August 31, 2013

Officials target lie-detector coaches

Authorities seek prison for a man, saying he crossed the line between free speech and criminal acts.

By MARISA TAYLOR McClatchy Washington Bureau

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Trainees practice using lie detectors. Prosecutors want a prison term for an Indiana Little League coach who they say tried to teach as many as 100 people across the country how to beat lie-detector tests.

The Associated Press

Williams, who has openly taught the techniques for 30 years, has said he has done nothing wrong.

Prosecutors, however, describe Dixon's actions as helping job applicants to conceal or lie about information sought by government polygraphers, which constitutes what is known as an "obstruction of an agency proceeding" charge, court filings show. They sought a wire fraud charge against Dixon for a "scheme" that helped applicants get jobs by making "false and fraudulent statements." Dixon could have faced up to five years in prison for the obstruction charge and up to 20 years for the wire fraud charge.

According to prosecutors, Dixon taught seven federal law enforcement applicants and two government contractors, including one who had a security clearance with an unnamed intelligence agency.

However, the most incriminating evidence appears to have come from Dixon's interactions with two undercover agents. Dixon advised one undercover agent posing as the brother of a violent Mexican drug trafficker to withhold details during a polygraph for a Customs and Border Protection job.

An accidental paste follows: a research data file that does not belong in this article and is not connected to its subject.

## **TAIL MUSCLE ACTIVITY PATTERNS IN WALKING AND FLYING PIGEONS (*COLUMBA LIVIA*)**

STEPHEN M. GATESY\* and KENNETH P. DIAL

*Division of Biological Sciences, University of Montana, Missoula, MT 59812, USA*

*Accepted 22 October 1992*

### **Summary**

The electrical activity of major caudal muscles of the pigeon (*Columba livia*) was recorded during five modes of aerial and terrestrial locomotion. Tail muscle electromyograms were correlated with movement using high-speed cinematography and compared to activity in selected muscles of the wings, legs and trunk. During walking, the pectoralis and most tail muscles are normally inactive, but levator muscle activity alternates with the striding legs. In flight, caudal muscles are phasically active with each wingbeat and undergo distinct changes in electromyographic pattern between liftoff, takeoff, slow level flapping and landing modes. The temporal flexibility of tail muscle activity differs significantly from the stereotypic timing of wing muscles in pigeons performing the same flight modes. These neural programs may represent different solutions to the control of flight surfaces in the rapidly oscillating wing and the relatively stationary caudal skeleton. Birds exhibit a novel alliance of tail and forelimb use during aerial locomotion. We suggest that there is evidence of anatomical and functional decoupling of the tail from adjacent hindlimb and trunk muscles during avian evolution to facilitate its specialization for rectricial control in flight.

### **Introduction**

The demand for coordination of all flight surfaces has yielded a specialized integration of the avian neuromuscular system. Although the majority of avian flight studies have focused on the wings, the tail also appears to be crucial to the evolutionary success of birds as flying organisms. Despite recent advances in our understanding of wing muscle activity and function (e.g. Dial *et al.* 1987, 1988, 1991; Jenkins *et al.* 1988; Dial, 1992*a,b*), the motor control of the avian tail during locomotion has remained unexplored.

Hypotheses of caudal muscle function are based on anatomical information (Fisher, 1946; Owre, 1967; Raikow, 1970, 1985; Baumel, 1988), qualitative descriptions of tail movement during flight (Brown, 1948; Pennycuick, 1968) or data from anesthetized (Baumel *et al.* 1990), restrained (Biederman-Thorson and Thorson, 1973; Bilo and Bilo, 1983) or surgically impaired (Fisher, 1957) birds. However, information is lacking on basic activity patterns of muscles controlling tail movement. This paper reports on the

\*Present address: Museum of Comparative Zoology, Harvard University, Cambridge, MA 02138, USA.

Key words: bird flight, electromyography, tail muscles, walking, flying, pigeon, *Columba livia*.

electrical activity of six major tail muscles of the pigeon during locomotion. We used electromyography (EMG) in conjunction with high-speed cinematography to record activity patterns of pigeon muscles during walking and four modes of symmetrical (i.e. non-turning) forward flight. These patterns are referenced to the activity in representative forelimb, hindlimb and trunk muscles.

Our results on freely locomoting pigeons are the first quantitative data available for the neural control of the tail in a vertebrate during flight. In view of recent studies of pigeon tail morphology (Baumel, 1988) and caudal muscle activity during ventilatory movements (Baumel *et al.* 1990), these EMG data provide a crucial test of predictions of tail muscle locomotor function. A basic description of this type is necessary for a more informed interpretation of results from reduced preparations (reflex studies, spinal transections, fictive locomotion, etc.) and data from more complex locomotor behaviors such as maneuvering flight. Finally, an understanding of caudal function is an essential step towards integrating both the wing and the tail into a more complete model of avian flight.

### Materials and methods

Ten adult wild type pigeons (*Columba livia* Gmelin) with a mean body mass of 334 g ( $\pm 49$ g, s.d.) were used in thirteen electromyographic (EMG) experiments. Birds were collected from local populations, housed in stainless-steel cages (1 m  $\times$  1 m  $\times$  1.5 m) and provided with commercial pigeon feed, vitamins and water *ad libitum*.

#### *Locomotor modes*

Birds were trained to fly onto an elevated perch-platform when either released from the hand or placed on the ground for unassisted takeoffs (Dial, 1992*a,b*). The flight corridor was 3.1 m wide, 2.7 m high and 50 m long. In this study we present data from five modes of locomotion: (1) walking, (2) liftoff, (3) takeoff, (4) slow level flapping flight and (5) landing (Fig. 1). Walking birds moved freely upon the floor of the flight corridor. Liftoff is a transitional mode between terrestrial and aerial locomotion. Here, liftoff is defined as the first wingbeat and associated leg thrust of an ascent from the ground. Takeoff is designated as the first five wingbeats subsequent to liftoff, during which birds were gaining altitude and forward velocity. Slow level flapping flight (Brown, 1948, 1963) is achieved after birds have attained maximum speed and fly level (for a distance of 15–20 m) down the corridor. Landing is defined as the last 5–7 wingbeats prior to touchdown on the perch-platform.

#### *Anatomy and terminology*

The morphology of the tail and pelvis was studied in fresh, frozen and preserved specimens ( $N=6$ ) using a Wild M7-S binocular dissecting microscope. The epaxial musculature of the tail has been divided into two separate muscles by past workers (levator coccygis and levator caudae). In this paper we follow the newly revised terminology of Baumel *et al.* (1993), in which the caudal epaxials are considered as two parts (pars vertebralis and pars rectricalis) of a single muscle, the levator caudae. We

"I would probably reference him as a distant relative," Dixon told the undercover agent. "If they ask questions about him, if it does come up, just say, 'Look, I don't really know what he's into.' "

Prosecutors also listed nine unnamed sex offenders Dixon trained across the country as actions the judge "must consider."

"In approximately 18 months from Illinois to Texas, North Carolina to California Dixon's conduct has threatened the safety and security of 69 to 100 communities with total disregard for the consequences."

However, prosecutors didn't offer evidence that Dixon encouraged any of the sex offenders he trained to hide new or undisclosed crimes.

Ginsberg said only one sex offender told Dixon about an undisclosed crime during court-ordered polygraph monitoring. In that instance, Dixon alerted probation officials about the 39-year-old from Carrollton, Texas, who confessed to sexually molesting a minor while on probation.

Ginsberg acknowledged her client was "less cautious" with job applicants. As a result, she said, he had convinced himself that the undercover agent posing as a drug cartel member "had no chance" of getting through federal screening.

"Because of his utter disdain for the use of polygraph testing, he failed to appreciate the degree to which federal agencies might rely on polygraph test results," Ginsberg wrote.


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